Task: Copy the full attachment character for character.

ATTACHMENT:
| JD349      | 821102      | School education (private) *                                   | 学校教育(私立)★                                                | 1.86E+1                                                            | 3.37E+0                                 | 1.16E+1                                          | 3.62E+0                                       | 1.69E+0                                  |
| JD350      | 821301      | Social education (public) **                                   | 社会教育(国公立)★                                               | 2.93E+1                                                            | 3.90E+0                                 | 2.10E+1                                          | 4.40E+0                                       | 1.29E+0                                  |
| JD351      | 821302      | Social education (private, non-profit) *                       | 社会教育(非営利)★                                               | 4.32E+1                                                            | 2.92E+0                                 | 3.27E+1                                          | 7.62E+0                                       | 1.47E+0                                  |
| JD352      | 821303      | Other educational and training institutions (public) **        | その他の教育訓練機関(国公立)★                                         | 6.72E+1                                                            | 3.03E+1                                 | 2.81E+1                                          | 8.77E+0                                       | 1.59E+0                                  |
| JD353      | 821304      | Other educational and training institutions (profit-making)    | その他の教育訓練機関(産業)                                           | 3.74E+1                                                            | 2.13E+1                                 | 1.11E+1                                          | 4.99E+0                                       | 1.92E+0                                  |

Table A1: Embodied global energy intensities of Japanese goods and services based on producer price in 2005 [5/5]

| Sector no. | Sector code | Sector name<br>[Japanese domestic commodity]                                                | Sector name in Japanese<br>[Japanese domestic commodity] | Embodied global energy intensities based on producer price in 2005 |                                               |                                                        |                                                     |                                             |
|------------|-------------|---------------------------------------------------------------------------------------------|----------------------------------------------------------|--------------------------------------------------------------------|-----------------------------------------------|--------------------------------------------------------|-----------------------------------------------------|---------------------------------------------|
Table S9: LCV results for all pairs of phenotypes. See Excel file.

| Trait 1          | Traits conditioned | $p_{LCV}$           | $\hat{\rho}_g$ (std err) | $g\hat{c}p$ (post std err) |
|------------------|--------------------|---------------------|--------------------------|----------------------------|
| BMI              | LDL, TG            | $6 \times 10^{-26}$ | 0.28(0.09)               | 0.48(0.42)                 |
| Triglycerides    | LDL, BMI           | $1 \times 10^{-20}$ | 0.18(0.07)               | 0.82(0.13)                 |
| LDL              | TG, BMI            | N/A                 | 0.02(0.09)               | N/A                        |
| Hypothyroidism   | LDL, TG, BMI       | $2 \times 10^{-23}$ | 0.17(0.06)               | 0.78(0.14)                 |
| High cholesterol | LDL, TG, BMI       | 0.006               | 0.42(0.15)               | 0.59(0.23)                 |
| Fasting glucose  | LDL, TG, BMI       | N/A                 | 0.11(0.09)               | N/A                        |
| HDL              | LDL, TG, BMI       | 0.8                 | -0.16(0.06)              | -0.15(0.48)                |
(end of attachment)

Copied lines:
| JD349      | 821102      | School education (private) *                                   | 学校教育(私立)★                                                | 1.86E+1                                                            | 3.37E+0                                 | 1.16E+1                                          | 3.62E+0                                       | 1.69E+0                                  |
| JD350      | 821301      | Social education (public) **                                   | 社会教育(国公立)★                                               | 2.93E+1                                                            | 3.90E+0                                 | 2.10E+1                                          | 4.40E+0                                       | 1.29E+0                                  |
| JD351      | 821302      | Social education (private, non-profit) *                       | 社会教育(非営利)★                                               | 4.32E+1                                                            | 2.92E+0                                 | 3.27E+1                                          | 7.62E+0                                       | 1.47E+0                                  |
| JD352      | 821303      | Other educational and training institutions (public) **        | その他の教育訓練機関(国公立)★                                         | 6.72E+1                                                            | 3.03E+1                                 | 2.81E+1                                          | 8.77E+0                                       | 1.59E+0                                  |
| JD353      | 821304      | Other educational and training institutions (profit-making)    | その他の教育訓練機関(産業)                                           | 3.74E+1                                                            | 2.13E+1                                 | 1.11E+1                                          | 4.99E+0                                       | 1.92E+0                                  |

Table A1: Embodied global energy intensities of Japanese goods and services based on producer price in 2005 [5/5]

| Sector no. | Sector code | Sector name<br>[Japanese domestic commodity]                                                | Sector name in Japanese<br>[Japanese domestic commodity] | Embodied global energy intensities based on producer price in 2005 |                                               |                                                        |                                                     |                                             |
|------------|-------------|---------------------------------------------------------------------------------------------|----------------------------------------------------------|--------------------------------------------------------------------|-----------------------------------------------|--------------------------------------------------------|-----------------------------------------------------|---------------------------------------------|
Table S9: LCV results for all pairs of phenotypes. See Excel file.

| Trait 1          | Traits conditioned | $p_{LCV}$           | $\hat{\rho}_g$ (std err) | $g\hat{c}p$ (post std err) |
|------------------|--------------------|---------------------|--------------------------|----------------------------|
| BMI              | LDL, TG            | $6 \times 10^{-26}$ | 0.28(0.09)               | 0.48(0.42)                 |
| Triglycerides    | LDL, BMI           | $1 \times 10^{-20}$ | 0.18(0.07)               | 0.82(0.13)                 |
| LDL              | TG, BMI            | N/A                 | 0.02(0.09)               | N/A                        |
| Hypothyroidism   | LDL, TG, BMI       | $2 \times 10^{-23}$ | 0.17(0.06)               | 0.78(0.14)                 |
| High cholesterol | LDL, TG, BMI       | 0.006               | 0.42(0.15)               | 0.59(0.23)                 |
| Fasting glucose  | LDL, TG, BMI       | N/A                 | 0.11(0.09)               | N/A                        |
| HDL              | LDL, TG, BMI       | 0.8                 | -0.16(0.06)              | -0.15(0.48)                |